• The stage he built in 1936 – which we are working on now – has a balcony which Moreno said “is so God can be present” if the patient so desires. Unlike many therapeutic pedagogies, he did not reject spirituality, he embraced it.

. . . . yesterday I was a part of two psychodramas. My bond with the group of people I am studying with is deep. And this too is an aspect of this work. We build empathy for our fellow sufferers – the walking wounded we are all a part of – as we support each other in this work. And that empathetic work opens us up to our own unresolved issues. I can’t stress enough the way everyone in the room is being worked on by the work simultaneously in different ways and in different degrees, even through there is one protagonist who is ostensibly the center of our attention. It’s as if the protagonist is less the “star” of the show, but rather the text we are reading from to learn about ourselves.

Today, Rebecca will be having lunch with those of us who are not therapists, to talk about ways to apply this work in other ways. This too is a hallmark of psychodrama. Moreno created a deeply egalitarian ethos. His first workshops in New York City were open to the public and he worked with working class people off the street. In Vienna he created a group to support prostitutes. Even as there is great care and exactitude from our trainers about this work (and Rebecca has detailed the way Psychodrama has been wounded by charlatans who claimed to be teaching it but were actually damaging people), there is nothing precious about its dissemination. She wants to encourage us to use what we learn at this intensive in the rest of our work, responsibly.  Perhaps western medicine – and especially the world of psychological therapy –  can be characterized by a priestly attitude; that only the special and chosen ones can practice it, and those ones are the ones who decide who the next priests can be. Moreno and Psychodrama are a rejection of that attitude in that they are based in creativity, they embrace groups without qualification, and the training exists outside of academic institutions.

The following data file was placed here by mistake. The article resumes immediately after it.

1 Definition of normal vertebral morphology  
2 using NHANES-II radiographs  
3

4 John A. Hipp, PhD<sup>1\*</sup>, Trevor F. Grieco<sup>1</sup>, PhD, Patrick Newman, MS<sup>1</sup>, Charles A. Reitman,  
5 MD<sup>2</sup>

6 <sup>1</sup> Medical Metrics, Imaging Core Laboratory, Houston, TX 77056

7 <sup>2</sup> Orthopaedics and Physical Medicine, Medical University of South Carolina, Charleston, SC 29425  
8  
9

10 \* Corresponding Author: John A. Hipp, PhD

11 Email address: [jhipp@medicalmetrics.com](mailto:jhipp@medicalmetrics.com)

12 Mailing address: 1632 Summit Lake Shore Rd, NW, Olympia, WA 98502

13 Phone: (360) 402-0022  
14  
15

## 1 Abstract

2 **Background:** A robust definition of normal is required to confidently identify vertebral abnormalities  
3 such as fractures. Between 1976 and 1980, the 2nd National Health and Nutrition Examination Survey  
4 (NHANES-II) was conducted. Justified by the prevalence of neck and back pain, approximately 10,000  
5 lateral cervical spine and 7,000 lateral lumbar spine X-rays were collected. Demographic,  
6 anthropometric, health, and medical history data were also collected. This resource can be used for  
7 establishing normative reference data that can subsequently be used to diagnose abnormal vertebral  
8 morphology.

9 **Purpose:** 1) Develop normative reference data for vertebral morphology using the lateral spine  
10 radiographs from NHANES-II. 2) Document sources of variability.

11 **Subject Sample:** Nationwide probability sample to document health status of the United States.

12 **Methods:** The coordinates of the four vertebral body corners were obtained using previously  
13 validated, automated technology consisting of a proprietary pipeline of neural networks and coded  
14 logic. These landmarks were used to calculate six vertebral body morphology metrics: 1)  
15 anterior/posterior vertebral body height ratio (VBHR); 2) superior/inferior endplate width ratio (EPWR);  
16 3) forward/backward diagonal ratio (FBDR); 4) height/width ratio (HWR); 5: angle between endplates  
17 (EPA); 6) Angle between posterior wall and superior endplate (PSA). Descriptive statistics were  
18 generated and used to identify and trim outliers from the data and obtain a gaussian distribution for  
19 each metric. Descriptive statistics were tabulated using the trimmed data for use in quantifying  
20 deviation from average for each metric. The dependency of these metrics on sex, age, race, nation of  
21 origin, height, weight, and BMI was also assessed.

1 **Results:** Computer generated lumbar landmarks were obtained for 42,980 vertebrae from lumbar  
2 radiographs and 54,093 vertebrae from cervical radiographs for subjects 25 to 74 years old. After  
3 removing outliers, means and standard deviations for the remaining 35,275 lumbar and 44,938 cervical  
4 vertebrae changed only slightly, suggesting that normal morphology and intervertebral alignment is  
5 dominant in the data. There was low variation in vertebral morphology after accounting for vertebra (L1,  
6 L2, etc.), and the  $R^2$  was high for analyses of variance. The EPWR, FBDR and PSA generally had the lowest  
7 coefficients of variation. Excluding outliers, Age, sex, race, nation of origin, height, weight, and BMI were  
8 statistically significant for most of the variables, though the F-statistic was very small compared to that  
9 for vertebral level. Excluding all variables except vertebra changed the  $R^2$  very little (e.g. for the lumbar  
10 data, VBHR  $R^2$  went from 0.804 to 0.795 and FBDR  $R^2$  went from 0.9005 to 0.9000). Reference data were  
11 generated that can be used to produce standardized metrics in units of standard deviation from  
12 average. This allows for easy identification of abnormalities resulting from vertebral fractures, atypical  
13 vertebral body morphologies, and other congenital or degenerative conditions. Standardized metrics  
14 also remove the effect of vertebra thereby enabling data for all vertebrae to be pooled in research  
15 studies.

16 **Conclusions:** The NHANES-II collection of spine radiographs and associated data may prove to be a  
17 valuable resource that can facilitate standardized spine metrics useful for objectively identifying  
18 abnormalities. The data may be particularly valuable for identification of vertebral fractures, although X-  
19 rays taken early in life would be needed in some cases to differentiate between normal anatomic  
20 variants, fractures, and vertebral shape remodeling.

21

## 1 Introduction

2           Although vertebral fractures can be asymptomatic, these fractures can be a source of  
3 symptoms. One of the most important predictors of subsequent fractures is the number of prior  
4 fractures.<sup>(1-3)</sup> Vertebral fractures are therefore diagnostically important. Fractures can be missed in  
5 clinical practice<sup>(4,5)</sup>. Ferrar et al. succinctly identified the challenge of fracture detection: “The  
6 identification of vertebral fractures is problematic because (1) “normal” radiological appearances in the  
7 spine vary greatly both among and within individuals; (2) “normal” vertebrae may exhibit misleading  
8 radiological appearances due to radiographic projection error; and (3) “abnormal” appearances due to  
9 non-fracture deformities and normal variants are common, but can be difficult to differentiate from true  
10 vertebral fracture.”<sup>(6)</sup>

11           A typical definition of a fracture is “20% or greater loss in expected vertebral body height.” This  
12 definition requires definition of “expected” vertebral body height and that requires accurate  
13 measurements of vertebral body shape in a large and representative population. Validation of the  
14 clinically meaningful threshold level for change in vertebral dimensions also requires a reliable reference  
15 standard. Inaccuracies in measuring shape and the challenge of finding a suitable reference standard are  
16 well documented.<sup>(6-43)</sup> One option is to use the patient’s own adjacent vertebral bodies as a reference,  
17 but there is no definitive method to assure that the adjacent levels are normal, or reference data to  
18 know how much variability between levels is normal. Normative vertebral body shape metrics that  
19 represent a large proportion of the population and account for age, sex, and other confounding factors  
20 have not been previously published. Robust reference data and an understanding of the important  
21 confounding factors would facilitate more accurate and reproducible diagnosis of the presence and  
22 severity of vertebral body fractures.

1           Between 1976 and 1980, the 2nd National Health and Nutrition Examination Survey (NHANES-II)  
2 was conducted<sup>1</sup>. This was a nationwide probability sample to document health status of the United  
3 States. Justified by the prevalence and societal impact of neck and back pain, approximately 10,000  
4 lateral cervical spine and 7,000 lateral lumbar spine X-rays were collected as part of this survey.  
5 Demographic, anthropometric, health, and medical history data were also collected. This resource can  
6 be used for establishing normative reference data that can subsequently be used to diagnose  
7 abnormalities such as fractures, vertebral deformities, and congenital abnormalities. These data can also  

Which brings me to my final point this morning. A student asked Rebecca, why – if Psychodrama does such demonstrably good work for people – isn’t it more prevalent? The answer is complex. It has to do with the way Psychodrama resists empirical analysis, measurable outcomes. I promise you the people in the psychodramas I participated in yesterday were helped and healed. But can I measure that scientifically? No. And in its roots in creativity, Psychodrama has attracted a following which is creative (I think Rebecca used the term “artsy-fartsy”). The people attracted to this work are those of us who are comfortable with mystery, the unexplainable, with eros more than logos. Western medicine is dominated by scientists and academics, and to some extent, Psychodrama is based on an approach which rejects some of the central tenets of that establishment.

Lastly is Moreno himself, of whom Rebecca said “I love his work, but I don’t think I would have liked the man.” He described himself as a benign megalomaniac. Like so many creative trailblazers, it seems to me Moreno was born with Otherness, a yin/yang which shaped him and has work for worse, but mostly for better.